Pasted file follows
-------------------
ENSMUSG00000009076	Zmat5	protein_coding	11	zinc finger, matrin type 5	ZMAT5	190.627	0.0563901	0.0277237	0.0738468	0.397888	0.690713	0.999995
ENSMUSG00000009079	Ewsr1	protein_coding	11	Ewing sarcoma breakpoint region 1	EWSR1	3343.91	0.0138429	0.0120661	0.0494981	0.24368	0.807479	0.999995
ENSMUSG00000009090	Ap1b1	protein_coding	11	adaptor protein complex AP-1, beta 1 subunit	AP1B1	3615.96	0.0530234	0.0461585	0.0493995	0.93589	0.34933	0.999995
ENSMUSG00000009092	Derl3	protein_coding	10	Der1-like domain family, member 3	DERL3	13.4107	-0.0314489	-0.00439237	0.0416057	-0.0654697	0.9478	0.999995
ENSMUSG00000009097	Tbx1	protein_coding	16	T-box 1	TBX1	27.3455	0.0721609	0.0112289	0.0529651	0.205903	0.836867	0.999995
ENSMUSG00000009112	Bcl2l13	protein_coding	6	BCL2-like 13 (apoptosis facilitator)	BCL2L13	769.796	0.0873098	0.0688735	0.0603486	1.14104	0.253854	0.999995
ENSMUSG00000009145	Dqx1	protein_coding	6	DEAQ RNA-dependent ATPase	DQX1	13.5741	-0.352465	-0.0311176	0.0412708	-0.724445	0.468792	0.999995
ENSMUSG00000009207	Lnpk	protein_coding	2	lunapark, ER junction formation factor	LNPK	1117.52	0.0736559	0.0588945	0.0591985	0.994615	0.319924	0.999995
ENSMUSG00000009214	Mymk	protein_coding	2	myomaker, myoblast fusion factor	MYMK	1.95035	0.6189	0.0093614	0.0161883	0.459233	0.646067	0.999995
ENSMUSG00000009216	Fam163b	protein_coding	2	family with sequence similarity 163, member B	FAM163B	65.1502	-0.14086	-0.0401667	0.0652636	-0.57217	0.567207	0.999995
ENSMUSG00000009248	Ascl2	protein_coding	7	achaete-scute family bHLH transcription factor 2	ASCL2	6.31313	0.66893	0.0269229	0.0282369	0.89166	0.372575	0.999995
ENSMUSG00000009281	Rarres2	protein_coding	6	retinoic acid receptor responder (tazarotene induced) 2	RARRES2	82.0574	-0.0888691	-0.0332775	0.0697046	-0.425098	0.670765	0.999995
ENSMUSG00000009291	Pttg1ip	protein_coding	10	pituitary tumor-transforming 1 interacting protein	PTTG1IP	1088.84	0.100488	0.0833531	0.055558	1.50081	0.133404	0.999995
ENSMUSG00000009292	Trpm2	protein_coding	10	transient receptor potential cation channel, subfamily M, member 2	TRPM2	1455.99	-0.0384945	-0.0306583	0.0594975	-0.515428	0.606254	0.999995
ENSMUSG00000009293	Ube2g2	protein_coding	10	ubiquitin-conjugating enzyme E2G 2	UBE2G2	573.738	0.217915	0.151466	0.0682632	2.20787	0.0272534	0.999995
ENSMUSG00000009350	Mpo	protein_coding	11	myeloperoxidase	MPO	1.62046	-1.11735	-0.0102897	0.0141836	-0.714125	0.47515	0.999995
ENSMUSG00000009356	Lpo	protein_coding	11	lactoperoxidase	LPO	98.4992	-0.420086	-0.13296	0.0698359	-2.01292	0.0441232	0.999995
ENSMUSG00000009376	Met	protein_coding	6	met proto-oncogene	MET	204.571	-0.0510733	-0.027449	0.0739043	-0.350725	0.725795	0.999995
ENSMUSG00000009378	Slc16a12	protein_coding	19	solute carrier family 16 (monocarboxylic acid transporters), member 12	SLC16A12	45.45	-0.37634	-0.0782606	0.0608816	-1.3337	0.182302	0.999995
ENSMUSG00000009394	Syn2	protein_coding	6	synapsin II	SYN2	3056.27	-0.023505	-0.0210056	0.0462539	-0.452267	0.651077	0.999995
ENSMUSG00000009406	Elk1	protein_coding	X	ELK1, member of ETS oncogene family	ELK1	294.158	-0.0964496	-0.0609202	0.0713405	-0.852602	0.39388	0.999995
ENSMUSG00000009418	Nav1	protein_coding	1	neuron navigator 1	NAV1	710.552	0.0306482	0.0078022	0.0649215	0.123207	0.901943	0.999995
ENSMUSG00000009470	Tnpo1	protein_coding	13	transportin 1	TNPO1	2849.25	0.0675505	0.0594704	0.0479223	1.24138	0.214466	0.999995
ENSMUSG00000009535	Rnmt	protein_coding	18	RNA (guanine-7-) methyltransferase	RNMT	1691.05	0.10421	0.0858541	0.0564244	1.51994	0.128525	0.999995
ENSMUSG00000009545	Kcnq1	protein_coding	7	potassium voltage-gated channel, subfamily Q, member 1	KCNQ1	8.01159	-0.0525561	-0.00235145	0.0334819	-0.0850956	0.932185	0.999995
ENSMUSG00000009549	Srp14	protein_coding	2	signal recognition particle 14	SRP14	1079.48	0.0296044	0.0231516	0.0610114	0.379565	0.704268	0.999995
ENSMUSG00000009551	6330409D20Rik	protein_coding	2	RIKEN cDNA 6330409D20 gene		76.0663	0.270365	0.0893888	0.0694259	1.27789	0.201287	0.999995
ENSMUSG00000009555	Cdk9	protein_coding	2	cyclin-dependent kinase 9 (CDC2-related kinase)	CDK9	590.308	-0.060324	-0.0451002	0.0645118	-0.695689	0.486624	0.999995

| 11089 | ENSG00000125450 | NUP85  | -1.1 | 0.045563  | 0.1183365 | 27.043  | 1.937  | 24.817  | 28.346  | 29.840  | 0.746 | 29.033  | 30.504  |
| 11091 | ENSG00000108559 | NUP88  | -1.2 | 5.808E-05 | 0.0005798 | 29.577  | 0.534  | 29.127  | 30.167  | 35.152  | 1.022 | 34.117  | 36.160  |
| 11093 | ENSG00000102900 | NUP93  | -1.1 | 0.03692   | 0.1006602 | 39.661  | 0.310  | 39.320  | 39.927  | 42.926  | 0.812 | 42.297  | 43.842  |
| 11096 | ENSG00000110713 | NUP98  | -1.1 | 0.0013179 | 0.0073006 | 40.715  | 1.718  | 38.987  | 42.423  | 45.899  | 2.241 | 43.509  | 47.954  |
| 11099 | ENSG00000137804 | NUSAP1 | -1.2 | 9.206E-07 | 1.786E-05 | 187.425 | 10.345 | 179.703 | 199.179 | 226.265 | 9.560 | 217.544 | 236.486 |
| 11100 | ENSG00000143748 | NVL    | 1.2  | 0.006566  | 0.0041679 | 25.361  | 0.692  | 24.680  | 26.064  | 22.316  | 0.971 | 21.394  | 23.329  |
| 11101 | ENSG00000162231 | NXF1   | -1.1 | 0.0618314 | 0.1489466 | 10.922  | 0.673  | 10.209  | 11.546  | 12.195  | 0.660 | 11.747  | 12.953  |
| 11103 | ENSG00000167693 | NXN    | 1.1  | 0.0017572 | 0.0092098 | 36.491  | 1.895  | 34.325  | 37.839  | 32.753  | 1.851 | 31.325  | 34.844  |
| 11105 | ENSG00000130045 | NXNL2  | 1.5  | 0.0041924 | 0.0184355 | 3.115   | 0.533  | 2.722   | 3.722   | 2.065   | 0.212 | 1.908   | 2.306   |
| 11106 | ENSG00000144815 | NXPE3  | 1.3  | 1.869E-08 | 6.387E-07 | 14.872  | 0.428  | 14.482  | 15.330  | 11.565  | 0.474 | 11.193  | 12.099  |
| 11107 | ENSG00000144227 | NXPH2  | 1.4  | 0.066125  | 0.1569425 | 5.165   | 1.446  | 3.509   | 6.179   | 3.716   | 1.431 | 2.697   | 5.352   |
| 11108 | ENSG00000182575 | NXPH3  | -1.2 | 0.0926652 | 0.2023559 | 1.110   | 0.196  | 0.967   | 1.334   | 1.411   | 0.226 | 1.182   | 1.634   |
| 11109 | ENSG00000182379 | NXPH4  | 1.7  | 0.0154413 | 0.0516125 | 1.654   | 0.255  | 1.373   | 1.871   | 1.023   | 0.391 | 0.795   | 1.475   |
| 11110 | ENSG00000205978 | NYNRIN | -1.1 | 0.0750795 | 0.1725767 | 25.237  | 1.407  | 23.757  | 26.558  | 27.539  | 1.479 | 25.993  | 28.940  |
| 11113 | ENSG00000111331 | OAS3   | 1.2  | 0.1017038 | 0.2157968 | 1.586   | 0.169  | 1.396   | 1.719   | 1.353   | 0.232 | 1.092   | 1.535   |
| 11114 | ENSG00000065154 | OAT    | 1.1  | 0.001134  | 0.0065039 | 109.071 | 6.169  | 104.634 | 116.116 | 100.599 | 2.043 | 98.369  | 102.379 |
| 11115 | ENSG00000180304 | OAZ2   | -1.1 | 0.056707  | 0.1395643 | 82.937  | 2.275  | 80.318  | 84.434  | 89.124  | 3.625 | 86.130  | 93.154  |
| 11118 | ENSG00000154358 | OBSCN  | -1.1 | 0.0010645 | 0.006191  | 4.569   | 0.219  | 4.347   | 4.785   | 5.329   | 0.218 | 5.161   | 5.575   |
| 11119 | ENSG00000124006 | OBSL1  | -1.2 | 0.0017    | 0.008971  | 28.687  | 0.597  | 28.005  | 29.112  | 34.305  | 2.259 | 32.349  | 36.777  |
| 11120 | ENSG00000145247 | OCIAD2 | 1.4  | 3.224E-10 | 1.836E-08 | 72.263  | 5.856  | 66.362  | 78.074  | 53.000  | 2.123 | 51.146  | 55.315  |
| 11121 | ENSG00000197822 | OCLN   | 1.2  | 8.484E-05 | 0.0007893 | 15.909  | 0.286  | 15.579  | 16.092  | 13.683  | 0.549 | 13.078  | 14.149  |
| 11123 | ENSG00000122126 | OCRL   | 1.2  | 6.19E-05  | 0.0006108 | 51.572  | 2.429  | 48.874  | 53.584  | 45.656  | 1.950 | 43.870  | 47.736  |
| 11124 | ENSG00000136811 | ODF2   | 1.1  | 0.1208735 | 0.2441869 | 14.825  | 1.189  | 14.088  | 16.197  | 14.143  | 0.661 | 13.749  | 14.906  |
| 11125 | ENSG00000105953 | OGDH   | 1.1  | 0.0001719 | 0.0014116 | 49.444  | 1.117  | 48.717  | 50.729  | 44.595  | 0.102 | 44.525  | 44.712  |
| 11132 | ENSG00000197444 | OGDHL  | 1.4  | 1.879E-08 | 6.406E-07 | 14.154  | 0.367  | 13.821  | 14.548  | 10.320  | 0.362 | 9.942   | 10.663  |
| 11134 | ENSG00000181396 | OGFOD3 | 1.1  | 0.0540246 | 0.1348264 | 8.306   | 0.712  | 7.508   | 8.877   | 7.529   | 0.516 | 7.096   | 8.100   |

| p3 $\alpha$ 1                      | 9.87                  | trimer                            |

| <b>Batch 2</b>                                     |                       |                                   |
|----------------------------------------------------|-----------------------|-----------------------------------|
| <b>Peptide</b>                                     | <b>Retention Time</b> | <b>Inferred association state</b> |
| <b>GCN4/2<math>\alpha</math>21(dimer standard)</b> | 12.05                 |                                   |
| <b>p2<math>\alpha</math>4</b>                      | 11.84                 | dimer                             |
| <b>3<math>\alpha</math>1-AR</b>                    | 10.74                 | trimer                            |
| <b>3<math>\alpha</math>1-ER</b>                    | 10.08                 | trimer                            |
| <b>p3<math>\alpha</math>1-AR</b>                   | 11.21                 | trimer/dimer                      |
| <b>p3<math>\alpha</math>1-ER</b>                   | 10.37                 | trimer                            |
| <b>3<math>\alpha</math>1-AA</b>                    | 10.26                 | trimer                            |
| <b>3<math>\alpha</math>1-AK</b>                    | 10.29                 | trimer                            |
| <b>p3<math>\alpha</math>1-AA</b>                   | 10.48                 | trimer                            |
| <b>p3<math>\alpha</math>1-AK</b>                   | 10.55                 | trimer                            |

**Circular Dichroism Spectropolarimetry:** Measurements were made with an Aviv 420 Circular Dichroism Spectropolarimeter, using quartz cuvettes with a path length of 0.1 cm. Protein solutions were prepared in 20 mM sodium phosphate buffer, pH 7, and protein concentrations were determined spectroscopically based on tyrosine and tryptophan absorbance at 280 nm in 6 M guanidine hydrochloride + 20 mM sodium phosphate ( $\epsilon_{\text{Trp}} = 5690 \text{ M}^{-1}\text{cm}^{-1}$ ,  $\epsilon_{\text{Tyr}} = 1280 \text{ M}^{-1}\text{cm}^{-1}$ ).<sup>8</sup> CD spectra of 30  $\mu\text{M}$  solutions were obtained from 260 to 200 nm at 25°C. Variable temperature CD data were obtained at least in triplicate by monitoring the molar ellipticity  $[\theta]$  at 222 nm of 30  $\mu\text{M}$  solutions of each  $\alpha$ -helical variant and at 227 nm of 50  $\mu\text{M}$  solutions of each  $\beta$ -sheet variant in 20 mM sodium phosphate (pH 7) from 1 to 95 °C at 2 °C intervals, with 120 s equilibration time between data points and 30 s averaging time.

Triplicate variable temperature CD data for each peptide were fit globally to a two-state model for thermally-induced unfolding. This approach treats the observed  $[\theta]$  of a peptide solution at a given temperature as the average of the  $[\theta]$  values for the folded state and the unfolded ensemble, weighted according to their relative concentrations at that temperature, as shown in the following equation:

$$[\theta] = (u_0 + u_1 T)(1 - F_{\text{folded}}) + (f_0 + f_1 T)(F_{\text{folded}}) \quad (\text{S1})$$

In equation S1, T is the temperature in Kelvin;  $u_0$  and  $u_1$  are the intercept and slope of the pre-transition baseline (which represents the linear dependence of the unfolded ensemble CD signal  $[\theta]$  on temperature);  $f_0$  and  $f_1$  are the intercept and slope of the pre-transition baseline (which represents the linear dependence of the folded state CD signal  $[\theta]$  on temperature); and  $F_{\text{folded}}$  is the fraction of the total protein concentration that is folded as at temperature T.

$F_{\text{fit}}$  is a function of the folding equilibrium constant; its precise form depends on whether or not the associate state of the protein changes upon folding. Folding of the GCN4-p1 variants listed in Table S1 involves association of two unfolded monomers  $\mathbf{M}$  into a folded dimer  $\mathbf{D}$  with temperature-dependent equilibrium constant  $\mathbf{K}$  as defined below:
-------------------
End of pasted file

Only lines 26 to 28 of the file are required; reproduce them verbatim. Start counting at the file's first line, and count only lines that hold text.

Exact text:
ENSMUSG00000009549	Srp14	protein_coding	2	signal recognition particle 14	SRP14	1079.48	0.0296044	0.0231516	0.0610114	0.379565	0.704268	0.999995
ENSMUSG00000009551	6330409D20Rik	protein_coding	2	RIKEN cDNA 6330409D20 gene		76.0663	0.270365	0.0893888	0.0694259	1.27789	0.201287	0.999995
ENSMUSG00000009555	Cdk9	protein_coding	2	cyclin-dependent kinase 9 (CDC2-related kinase)	CDK9	590.308	-0.060324	-0.0451002	0.0645118	-0.695689	0.486624	0.999995